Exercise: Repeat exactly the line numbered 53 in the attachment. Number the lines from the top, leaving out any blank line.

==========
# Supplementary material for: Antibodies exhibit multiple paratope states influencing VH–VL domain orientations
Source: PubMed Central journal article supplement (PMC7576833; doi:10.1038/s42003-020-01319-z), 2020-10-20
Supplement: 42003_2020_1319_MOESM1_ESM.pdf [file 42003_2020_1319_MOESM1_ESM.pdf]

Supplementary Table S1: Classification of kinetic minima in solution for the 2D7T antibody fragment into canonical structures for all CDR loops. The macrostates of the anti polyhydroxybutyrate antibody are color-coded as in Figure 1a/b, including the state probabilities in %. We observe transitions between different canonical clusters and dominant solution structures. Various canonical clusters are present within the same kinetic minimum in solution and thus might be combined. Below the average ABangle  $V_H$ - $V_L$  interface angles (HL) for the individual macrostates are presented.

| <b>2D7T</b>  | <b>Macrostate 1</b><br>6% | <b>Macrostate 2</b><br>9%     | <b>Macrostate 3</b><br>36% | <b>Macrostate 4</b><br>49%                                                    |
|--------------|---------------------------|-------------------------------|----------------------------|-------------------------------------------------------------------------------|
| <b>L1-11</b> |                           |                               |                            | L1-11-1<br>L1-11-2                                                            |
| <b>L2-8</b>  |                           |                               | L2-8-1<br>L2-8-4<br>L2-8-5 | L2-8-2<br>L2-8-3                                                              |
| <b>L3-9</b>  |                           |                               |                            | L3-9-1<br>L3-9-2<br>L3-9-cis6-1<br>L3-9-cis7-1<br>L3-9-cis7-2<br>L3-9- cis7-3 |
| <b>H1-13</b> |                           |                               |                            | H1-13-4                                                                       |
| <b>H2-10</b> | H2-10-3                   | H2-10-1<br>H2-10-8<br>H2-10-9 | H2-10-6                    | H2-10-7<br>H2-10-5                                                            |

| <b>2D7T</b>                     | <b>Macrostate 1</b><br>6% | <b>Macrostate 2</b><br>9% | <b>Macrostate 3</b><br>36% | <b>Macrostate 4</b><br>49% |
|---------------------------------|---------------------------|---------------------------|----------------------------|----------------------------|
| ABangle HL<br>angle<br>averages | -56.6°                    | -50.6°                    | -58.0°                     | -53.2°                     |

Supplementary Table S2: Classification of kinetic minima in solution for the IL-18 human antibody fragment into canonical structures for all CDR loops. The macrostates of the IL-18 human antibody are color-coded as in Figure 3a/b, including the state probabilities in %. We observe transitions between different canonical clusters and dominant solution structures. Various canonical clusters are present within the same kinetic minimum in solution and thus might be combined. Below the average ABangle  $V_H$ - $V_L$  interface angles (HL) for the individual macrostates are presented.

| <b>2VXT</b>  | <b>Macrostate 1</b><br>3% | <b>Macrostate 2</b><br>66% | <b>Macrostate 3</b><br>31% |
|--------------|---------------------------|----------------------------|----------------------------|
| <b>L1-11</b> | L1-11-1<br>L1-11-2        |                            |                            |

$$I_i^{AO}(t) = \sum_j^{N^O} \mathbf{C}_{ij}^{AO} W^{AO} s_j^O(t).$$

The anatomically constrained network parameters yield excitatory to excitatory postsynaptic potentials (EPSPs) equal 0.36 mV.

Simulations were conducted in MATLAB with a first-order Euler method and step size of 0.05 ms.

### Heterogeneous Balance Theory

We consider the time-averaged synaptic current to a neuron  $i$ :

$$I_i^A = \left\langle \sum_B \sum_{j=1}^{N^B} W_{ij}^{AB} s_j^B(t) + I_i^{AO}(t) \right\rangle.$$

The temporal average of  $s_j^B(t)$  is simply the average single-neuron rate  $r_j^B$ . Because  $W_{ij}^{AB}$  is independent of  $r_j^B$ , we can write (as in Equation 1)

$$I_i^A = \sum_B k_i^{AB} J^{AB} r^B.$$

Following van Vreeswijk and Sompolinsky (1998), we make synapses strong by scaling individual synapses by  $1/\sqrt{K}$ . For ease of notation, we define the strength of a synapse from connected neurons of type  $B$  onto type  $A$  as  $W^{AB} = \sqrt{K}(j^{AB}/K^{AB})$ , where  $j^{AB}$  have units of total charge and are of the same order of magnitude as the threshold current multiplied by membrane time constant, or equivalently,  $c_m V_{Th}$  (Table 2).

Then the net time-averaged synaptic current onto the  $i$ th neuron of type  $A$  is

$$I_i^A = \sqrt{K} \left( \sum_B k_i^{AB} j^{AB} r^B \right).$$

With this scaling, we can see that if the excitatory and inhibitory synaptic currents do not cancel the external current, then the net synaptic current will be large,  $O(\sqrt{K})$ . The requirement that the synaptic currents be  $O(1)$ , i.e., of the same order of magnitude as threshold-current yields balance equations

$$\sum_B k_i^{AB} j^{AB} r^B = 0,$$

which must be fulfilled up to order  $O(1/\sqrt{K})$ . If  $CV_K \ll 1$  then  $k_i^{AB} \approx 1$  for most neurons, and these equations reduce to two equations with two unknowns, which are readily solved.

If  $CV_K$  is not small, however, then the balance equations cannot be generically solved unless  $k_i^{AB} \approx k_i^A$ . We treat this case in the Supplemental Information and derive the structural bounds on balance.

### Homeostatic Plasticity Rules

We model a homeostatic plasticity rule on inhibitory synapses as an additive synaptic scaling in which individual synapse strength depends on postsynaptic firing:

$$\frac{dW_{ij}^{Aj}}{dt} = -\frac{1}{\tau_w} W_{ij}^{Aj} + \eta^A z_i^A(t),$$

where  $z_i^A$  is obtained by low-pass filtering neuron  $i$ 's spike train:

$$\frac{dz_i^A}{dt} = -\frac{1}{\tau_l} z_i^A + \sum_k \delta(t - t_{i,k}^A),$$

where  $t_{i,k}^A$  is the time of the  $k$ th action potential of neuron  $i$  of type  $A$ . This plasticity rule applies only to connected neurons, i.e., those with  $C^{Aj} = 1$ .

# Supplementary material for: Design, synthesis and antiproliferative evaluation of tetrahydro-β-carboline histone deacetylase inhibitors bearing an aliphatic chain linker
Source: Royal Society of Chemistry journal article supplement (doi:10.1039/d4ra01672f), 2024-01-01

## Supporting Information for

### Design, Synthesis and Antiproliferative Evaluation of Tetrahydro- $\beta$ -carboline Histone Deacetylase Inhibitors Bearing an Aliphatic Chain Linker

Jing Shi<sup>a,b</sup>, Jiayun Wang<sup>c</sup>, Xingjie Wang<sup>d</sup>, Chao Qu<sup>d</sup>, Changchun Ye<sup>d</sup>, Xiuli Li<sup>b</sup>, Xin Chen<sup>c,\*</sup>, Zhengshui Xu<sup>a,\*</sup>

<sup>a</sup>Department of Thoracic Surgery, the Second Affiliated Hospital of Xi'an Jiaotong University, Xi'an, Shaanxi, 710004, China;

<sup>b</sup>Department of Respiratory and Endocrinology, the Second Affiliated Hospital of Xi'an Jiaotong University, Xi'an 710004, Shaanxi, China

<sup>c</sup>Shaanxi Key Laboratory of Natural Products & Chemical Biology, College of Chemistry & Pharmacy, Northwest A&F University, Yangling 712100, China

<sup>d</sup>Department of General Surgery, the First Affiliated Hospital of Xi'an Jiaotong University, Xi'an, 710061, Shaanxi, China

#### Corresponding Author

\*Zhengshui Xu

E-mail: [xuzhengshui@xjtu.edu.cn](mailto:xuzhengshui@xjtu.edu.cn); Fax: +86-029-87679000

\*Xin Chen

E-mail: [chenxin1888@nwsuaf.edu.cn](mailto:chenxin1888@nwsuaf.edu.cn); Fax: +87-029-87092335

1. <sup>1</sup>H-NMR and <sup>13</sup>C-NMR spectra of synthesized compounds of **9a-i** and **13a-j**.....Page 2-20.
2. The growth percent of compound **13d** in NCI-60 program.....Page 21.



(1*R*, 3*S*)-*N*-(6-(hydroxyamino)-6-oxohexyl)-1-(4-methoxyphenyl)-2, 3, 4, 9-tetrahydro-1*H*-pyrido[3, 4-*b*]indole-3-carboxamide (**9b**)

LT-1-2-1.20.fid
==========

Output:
E-mail: [chenxin1888@nwsuaf.edu.cn](mailto:chenxin1888@nwsuaf.edu.cn); Fax: +87-029-87092335